Cotton Mather was an exceptionally prolific author, who wrote on a diverse range of subjects. Many of his writings were historical, and others were scientific. He was a leading authority on vaccinations, particularly for smallpox, a disease of which some of his children died. His writings on vaccination were controversial and led to his being attacked in print and threatened with violence.
It is for his writings on witchcraft, however, that Mather is now best-known, as well as the peripheral role he played in the Salem witch trials. By 1692, Mather had already investigated several alleged cases of witchcraft and published a book called Memorable Providences, in which he refused to accept scientific explanations for such occurrences as hysterical fits, insisting that they were the work of the devil. He also played a leading role in the trial of Ann Glover, the last person to be hanged for witchcraft in Boston, in 1688.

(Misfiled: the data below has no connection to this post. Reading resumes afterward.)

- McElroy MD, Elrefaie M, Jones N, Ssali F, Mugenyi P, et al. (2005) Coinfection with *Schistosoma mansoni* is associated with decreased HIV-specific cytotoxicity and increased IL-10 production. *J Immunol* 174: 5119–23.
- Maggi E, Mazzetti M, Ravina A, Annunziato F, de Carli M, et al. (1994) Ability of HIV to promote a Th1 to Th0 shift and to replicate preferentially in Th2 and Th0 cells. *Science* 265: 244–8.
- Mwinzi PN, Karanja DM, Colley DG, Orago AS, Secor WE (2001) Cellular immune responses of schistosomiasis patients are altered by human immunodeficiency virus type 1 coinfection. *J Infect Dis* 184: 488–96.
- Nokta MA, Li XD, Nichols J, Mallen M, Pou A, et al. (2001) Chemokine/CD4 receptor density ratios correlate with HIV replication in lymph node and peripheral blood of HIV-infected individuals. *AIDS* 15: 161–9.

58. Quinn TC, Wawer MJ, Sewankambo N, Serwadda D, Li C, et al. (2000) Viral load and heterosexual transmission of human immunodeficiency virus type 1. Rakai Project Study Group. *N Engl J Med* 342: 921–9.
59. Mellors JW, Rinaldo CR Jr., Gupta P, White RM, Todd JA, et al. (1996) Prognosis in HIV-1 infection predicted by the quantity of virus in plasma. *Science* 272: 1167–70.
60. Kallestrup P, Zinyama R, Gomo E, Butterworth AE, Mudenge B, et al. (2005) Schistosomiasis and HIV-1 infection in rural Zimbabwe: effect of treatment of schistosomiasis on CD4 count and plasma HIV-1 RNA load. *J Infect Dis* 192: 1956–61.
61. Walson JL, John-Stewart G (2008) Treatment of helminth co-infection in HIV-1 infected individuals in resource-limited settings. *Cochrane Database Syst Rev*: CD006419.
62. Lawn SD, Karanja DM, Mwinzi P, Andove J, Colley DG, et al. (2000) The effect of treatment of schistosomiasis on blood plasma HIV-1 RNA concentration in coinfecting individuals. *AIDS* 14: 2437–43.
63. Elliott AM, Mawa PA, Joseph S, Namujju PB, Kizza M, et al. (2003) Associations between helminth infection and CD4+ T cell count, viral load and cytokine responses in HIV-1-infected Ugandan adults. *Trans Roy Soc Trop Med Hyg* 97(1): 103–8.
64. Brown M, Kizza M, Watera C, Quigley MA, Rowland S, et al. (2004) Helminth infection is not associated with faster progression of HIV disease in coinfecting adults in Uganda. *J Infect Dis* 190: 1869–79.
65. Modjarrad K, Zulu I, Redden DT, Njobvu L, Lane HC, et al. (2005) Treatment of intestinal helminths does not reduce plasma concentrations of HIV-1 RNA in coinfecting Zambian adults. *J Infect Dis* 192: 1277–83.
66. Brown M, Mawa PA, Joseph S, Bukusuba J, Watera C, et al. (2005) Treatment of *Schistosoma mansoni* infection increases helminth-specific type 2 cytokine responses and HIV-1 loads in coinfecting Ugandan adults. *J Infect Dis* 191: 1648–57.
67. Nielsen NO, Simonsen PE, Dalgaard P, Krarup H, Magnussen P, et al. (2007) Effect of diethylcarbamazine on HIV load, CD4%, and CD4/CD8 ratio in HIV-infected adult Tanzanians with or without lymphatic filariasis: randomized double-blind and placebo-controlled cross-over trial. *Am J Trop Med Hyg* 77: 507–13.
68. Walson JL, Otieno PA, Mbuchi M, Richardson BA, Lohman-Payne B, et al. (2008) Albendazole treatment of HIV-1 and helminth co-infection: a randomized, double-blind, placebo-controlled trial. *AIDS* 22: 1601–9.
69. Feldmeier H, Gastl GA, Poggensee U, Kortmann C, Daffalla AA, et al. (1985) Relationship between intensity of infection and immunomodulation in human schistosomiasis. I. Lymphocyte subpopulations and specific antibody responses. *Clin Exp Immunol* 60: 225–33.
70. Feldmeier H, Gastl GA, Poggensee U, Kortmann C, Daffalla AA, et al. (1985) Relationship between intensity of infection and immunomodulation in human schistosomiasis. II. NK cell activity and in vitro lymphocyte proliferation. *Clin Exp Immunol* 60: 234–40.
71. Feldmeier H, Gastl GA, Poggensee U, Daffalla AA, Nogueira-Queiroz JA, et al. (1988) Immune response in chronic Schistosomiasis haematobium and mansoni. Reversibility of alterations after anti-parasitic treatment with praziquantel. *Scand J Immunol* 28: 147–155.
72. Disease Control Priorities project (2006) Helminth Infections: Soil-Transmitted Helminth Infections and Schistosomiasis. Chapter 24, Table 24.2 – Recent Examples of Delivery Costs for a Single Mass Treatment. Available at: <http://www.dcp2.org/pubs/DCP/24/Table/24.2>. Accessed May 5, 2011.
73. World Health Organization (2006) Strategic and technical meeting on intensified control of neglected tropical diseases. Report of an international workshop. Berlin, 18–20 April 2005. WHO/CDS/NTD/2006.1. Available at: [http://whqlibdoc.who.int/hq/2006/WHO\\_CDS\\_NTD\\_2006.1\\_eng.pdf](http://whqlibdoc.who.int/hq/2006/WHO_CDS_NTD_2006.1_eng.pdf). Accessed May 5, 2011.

Opinions are divided as to how significant a role Mather played in inciting the hysteria that attended the Salem witch trials. In his book More Wonders of the Invisible World, written shortly after the trials, Robert Calef suggests that Mather's writings were highly influential. Even if Calef exaggerates, however, there is no doubt that Mather's writings inflamed public opinion rather than calming it.